Critic Reviews



Based on 8 critic reviews provided by
Newman picks up speed and symbolic baggage as the movie progresses, and much of the film’s brilliance lies in the way Sarafian balances the two elements.
Vanishing Point is a fantastic chase film, which despite its heavy-handed symbolism, is an absolute must for any movie lover – whether you're a petrol head or not.
While Richard Sarafian's direction of this action thriller and drive-in favorite isn't especially distinguished, the script by Cuban author Guillermo Cabrera Infante takes full advantage of the subject's existential and mythical undertones without being pretentious, and you certainly get a run for your money, along with a lot of rock music.
While Vanishing Point isn't the ultimate car chase movie as Tarantino would make you believe, it's certainly layered with fascinating subtext and few decent chase elements to keep action fans at bay.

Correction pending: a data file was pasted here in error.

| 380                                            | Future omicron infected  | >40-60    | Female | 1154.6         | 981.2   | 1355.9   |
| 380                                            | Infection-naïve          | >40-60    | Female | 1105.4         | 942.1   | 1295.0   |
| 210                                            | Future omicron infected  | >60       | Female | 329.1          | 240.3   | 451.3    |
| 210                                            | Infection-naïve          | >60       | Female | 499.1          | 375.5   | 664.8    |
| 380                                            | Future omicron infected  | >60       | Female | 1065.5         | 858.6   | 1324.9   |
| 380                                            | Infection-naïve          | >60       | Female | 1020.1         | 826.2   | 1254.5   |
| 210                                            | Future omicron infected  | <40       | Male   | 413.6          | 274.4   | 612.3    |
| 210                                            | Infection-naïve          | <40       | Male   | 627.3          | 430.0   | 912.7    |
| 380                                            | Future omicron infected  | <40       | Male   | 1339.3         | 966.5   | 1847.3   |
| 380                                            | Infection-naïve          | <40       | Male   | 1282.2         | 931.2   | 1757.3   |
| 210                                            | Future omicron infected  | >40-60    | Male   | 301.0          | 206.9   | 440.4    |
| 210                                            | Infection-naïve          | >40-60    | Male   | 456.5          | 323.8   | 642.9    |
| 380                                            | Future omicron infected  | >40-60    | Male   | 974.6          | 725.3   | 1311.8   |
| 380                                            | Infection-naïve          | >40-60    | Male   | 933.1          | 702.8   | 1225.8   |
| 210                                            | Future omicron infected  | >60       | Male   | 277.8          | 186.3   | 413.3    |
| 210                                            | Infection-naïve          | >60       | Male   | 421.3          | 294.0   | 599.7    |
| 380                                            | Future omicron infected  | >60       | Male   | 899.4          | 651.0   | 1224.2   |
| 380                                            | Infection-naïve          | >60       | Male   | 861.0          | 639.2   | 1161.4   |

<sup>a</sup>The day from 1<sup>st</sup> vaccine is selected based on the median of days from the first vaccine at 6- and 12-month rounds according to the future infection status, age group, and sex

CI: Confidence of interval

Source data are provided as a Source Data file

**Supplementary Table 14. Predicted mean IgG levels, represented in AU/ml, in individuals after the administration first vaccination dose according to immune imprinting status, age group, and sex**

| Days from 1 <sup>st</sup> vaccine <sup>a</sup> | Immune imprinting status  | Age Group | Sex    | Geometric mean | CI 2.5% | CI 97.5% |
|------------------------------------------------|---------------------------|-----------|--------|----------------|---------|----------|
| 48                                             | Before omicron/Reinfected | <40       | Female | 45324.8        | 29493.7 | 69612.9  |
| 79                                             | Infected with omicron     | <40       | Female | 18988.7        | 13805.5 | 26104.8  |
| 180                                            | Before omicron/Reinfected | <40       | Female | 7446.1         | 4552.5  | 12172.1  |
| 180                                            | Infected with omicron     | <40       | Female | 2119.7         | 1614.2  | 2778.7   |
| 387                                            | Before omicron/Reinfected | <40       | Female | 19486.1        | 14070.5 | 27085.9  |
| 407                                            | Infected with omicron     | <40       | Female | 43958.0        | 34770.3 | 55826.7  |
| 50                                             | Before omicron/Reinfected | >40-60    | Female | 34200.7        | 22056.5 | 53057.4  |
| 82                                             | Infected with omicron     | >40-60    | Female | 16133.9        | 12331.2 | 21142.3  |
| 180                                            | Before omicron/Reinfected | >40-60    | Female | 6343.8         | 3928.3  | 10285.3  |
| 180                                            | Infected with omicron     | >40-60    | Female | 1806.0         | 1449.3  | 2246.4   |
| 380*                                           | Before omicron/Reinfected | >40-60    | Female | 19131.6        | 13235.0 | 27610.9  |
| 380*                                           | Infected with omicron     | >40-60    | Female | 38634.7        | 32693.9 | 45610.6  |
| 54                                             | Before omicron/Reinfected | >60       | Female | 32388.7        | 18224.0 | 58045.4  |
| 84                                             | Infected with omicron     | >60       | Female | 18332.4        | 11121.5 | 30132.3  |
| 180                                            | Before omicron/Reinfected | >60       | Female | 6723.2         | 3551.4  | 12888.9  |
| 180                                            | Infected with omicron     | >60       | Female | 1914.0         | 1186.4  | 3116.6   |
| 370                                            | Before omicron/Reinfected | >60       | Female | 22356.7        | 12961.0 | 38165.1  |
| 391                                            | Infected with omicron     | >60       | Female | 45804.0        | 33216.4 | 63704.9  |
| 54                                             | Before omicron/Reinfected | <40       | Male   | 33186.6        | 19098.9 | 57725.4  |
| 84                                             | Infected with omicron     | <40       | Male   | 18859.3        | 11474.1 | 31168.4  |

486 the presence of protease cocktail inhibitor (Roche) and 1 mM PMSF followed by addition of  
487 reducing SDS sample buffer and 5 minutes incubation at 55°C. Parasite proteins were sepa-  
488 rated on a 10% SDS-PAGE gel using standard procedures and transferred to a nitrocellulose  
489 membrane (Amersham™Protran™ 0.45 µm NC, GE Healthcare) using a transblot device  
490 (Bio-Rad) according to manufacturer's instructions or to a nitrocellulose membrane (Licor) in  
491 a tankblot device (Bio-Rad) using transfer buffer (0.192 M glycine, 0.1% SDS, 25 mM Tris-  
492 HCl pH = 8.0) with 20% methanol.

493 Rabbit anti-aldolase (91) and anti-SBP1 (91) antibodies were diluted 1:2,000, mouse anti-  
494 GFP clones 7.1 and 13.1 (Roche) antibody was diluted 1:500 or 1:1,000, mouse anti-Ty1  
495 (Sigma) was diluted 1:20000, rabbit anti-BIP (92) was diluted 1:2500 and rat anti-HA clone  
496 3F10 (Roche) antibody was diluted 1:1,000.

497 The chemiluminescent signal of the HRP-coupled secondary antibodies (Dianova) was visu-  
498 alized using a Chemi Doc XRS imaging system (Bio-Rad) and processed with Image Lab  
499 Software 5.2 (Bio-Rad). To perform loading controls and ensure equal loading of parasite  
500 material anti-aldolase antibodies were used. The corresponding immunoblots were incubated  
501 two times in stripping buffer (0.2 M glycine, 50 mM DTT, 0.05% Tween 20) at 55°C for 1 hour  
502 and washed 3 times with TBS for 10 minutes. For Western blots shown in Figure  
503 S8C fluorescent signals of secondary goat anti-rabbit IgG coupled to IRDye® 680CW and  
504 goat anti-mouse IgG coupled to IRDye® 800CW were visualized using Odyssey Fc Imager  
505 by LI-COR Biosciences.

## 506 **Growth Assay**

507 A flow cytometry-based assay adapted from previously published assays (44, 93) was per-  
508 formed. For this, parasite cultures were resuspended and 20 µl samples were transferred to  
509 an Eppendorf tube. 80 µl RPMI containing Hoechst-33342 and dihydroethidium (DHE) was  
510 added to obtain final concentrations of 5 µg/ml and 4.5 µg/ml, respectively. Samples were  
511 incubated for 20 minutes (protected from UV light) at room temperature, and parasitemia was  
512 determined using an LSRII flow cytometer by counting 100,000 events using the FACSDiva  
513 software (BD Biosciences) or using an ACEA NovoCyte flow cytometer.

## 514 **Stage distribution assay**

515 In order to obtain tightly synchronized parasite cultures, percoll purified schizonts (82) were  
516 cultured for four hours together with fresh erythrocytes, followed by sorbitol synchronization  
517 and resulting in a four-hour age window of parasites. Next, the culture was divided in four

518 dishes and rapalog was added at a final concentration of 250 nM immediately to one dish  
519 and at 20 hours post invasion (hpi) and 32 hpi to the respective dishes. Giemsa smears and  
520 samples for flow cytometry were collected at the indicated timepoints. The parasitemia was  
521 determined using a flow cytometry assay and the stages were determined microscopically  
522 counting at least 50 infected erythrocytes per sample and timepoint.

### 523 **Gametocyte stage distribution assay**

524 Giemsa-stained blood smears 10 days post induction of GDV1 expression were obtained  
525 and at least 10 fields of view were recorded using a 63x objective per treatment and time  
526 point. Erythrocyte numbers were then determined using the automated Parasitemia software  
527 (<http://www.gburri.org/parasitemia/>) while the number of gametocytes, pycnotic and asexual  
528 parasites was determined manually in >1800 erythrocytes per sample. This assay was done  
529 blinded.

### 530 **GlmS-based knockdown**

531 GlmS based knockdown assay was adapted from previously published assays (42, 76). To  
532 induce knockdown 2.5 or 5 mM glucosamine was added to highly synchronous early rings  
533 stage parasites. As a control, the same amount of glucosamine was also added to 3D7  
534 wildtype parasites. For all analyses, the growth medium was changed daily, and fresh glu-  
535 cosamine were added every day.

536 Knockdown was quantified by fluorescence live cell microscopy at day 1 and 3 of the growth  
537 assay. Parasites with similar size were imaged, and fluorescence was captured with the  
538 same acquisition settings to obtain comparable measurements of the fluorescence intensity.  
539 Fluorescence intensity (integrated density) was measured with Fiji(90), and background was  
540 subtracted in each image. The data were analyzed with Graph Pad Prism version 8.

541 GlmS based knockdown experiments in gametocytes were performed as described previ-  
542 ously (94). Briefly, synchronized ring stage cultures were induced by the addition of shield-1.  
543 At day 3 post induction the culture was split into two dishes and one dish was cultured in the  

A fairly interesting, but somewhat muddled, road movie starring Newman as an ex-cop who now drives cars from Denver to San Francisco for a living.
The action is almost entirely made up of one man driving a car at maximum speed from Denver to, hopefully, San Francisco, against various odds, from the police who try to intercept him, to the oddball individuals he meets along the way.
Time Out
The script starts explaining in embarrassing memory flashes, the echoes of Easy Rider multiply, bits of mysticism and a blind black DJ called Super-Soul are injected, and the woodenness of both direction and Newman's performance becomes increasingly apparent.
A movie about which I can think of almost nothing good to say.

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